Fans Know What to Expect
Unlike WWE, where a lot of the matches on RAW, SmackDown and NXT are unannounced before the show, AEW does. By announcing the full card ahead of going on air, it leaves fans anticipating what they’re going to see. The most notable example of this is the recent “dream match” of Bryan Danielson vs AEW World Champion Kenny Omega.
In addition, AEW’s in-ring product has become reliable, proving to be competitive in the process. While the use of a ranking system hasn’t been leant on as some may have hoped of early on, matches still matter and always come out with a winner and loser. Sure, you get the usual wrestling tropes such as outside distractions, but AEW has hardly used non-finishes to matches, especially disqualifications.
As you have probably guessed by now, for me, AEW Dynamite has become a weekly highlight of my TV viewing. Like a lot of TV and films these days, it’s difficult to avoid spoilers through social media. Therefore, I have to see AEW Dynamite ASAP.
Due to the time difference and other commitments, I’m unable to see AEW Dynamite live relying on Fite TV’s on-demand streaming service to catch up. Unlike WWE, which I can consume in mostly clip form, ‘Dynamite’ is something I have to watch in full immediately. The aforementioned combination of impressive wrestling and compelling angles means I simply can’t miss ‘Dynamite’.
It’s still not 100% Perfect
Although I have showered AEW with praise, I’m not entirely an “AEW fanboy”. It’s not the perfect wrestling promotion. It still has issues that need addressing.
While its women’s division has highlighted emerging stars such as AEW Women’s Champion Britt Baker D.M.D., Hikaru Shida, Jade Cargill, Thunder Rosa, and Nyla Rose. Their inclusion on ‘Dynamite’ is minimal, often reduced to just one or two segments per week.
Because of its growing pool of talent, ‘Dynamite’ has a lot packed into its two-hour slot. While it’s great to see so much action, it can suffer from it too. There are times where moments aren’t allowed to breathe. For example, a post-match win isn’t allowed to be soaked in as AEW instantly moves on to the next promo, video package or interview segment. As a viewer, it can be frustrating yet I feel a third hour wouldn’t be welcomed.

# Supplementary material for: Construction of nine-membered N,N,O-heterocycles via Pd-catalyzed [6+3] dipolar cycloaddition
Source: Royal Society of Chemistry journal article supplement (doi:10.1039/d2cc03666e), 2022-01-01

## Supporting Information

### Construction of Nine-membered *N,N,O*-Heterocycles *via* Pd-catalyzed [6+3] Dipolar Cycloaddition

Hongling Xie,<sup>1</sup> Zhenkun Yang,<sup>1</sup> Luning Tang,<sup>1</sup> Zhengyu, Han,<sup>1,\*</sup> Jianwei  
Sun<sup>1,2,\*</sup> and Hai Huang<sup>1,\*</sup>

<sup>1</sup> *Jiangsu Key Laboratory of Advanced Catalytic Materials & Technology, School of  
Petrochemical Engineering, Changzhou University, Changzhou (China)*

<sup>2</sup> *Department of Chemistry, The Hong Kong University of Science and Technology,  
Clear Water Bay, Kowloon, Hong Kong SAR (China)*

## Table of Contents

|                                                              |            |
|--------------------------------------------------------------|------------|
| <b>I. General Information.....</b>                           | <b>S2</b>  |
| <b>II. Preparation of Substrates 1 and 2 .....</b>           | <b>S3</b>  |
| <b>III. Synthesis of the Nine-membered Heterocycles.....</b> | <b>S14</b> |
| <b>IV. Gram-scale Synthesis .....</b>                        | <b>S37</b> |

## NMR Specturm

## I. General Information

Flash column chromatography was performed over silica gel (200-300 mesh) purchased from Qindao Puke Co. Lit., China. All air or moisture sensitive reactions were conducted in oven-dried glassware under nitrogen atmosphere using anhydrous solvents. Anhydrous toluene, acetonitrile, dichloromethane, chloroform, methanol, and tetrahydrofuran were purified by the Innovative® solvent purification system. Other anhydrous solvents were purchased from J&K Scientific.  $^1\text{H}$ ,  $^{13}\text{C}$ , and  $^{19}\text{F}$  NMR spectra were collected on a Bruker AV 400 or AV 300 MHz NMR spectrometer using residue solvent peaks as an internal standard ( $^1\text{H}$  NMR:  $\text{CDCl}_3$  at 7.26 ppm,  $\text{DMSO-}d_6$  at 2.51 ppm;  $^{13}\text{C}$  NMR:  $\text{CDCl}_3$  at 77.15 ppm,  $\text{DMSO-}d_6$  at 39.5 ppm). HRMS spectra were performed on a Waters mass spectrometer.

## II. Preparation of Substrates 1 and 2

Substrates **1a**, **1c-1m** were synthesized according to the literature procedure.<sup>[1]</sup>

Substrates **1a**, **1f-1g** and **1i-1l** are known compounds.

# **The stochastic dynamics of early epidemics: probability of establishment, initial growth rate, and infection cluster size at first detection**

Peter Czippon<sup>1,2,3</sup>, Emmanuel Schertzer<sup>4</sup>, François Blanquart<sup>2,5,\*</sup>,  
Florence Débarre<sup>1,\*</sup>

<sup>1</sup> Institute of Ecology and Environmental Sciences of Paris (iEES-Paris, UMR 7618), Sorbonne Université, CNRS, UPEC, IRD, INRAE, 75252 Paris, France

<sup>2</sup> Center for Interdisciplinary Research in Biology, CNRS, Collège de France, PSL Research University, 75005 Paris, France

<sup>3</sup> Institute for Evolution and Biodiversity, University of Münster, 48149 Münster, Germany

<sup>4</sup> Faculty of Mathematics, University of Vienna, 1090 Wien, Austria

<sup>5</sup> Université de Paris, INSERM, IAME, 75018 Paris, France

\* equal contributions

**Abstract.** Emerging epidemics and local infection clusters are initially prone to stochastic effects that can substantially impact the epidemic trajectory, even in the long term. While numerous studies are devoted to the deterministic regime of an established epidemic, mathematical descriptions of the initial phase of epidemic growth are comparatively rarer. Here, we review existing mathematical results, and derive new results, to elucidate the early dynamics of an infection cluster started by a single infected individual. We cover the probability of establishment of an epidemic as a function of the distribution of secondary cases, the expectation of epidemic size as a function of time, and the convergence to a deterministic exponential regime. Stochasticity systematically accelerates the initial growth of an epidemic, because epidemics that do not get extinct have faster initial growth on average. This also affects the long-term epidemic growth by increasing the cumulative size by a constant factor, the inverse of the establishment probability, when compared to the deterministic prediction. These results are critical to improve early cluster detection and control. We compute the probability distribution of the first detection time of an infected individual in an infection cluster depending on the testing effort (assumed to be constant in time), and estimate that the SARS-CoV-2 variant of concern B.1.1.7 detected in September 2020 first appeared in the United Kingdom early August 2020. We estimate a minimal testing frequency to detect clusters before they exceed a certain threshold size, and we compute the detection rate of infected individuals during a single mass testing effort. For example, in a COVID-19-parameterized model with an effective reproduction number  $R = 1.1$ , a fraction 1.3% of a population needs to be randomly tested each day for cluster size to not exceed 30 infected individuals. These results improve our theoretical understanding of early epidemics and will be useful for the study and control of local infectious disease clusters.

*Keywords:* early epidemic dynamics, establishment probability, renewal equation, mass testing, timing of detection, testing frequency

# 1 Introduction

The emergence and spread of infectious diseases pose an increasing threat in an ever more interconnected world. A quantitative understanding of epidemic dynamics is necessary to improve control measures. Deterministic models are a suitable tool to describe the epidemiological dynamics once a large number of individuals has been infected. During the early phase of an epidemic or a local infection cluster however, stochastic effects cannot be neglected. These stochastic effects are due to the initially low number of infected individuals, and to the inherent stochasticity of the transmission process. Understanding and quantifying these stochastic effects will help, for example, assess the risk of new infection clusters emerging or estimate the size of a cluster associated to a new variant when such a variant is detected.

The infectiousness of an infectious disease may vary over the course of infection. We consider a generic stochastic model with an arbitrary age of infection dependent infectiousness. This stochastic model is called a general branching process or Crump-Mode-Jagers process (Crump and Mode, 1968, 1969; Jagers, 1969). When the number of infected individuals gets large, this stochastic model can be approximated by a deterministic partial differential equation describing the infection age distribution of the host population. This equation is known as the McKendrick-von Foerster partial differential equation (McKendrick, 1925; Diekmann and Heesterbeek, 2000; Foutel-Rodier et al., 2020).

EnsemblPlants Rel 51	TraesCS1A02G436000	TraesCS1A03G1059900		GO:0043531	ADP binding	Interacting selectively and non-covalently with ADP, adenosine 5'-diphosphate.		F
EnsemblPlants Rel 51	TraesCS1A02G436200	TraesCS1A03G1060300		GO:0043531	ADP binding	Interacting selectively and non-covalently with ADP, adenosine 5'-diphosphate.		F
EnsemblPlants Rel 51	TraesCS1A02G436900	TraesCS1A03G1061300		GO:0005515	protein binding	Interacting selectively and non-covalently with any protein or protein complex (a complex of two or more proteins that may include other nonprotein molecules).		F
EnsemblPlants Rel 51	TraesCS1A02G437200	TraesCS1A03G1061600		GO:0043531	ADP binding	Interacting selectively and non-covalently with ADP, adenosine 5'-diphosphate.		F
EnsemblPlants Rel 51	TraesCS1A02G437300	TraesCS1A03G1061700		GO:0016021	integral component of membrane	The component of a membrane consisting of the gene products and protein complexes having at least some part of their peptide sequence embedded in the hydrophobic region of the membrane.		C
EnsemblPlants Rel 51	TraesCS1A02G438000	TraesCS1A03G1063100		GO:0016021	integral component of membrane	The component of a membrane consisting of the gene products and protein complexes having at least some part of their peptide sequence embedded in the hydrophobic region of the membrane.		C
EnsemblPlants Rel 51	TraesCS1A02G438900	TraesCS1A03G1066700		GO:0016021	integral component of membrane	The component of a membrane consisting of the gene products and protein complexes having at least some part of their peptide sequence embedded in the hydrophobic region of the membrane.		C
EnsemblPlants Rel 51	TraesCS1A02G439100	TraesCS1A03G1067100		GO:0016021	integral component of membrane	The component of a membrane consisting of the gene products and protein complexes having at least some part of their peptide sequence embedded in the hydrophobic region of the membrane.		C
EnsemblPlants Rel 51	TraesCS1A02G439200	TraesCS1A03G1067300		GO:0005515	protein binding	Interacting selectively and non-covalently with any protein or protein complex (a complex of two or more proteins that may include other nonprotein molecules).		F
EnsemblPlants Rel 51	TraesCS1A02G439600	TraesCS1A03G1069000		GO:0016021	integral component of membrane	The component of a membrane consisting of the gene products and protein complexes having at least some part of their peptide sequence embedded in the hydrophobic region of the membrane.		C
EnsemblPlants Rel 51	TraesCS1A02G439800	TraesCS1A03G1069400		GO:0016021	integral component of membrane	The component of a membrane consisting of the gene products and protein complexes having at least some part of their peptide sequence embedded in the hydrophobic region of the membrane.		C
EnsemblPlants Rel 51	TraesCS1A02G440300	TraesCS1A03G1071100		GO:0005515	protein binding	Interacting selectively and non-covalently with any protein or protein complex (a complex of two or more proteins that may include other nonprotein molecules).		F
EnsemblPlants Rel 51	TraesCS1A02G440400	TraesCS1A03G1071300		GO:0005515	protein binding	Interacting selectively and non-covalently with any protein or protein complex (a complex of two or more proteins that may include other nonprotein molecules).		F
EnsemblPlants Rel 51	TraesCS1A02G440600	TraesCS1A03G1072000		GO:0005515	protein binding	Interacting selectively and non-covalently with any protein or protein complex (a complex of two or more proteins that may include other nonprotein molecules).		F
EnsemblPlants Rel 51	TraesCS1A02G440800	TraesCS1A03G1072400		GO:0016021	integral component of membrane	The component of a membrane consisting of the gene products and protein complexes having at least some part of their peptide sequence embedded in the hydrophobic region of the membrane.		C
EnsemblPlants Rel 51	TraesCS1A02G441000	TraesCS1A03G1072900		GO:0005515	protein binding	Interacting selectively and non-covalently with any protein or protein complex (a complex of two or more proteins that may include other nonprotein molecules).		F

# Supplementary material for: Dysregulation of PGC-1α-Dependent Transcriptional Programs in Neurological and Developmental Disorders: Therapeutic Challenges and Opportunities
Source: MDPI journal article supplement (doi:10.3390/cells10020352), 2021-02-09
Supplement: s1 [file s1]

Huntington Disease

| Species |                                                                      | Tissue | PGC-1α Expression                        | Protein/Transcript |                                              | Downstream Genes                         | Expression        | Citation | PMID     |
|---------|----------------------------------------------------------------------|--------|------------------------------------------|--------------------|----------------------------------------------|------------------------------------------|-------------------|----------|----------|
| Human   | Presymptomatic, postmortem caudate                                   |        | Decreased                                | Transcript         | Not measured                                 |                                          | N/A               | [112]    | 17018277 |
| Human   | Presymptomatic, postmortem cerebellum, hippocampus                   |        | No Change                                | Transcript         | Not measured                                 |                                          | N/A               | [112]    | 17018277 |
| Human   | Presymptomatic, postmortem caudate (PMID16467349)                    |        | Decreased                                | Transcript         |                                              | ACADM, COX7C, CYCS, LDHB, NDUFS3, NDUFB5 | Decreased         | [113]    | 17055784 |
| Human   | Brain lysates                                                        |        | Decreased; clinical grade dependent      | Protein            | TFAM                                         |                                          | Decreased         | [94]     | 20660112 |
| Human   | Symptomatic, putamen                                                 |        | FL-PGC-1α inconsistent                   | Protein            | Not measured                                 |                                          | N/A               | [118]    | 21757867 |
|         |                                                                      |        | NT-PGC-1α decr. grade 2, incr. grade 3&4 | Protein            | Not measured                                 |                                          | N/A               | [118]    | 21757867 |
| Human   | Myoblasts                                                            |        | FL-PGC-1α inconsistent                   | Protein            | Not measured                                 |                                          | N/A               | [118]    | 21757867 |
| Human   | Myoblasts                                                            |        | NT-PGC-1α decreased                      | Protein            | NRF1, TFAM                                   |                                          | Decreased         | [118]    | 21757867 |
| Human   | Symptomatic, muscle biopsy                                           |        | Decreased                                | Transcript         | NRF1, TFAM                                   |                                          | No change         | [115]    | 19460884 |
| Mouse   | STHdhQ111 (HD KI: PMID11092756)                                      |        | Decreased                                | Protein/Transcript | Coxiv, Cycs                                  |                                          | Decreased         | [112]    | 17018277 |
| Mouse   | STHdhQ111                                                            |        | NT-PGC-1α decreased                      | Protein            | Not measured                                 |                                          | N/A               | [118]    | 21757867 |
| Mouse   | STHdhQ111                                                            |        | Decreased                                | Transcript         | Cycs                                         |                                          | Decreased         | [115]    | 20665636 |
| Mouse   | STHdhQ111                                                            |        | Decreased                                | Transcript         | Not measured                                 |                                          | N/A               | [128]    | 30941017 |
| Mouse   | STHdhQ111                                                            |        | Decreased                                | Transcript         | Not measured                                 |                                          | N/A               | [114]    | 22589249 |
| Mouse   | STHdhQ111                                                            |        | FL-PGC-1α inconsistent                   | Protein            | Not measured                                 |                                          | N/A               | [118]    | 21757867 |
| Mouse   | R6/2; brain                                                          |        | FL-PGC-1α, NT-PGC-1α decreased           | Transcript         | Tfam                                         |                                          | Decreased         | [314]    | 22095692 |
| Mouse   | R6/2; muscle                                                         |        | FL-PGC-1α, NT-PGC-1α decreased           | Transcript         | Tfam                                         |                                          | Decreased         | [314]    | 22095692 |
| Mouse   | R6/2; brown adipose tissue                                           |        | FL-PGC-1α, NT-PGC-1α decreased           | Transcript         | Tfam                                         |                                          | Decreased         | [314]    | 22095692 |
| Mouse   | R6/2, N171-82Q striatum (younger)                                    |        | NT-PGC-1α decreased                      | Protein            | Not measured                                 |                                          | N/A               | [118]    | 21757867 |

A bit closer to home, AEW’s UK TV presence outside of its Fite TV availability is still frustrating. Reduced to a late-night Friday night slot on ITV4 means ‘Dynamite’ is shown two days after it’s aired in the States at an unreasonable time. In short, it’s treated as an afterthought by ITV. While it’s clear AEW has a UK following, I feel a more reasonable and reliable TV presence would increase its UK popularity.
Can’t we all just get along?
I’m going to finish this by addressing the so-called “WWE loyalists”. They’re the ones who criticise AEW at every opportunity, label former WWE stars as “traitors” on social media and so on. To them, I simply say – stop!
Not only do you look stupid, but at the end of the day – it’s only pro wrestling! AEW has allowed wrestlers another opportunity to showcase their craft on a national platform. You wouldn’t want your favourite wrestlers to be unemployed, right?
As a form of entertainment, it’s given a chance for pro wrestling to be seen by more people. It doesn’t matter if it’s WWE, AEW, IMPACT, Major League Wrestling, Ring of Honor, or NJPW. We’re pro wrestling fans and its increased visibility can only be beneficial for the sport we admire so much. So put your differences aside and celebrate the fact that wrestling is becoming essential viewing! Competition for WWE is good and is starting to bring out the best for them; just see Roman Reigns’ dominance on SmackDown.
Conclusion – Are we on the edge of a glorious period of pro wrestling?
With AEW’s emergence and WWE’s product steadily improving, it feels like we’re on the precipice of a thriving period in pro wrestling. The combination of stellar talent and increased availability (across TV and digital streaming platforms) means wrestling in 2021 is exciting again.
All pics courtesy of All Elite Wrestling (AEW)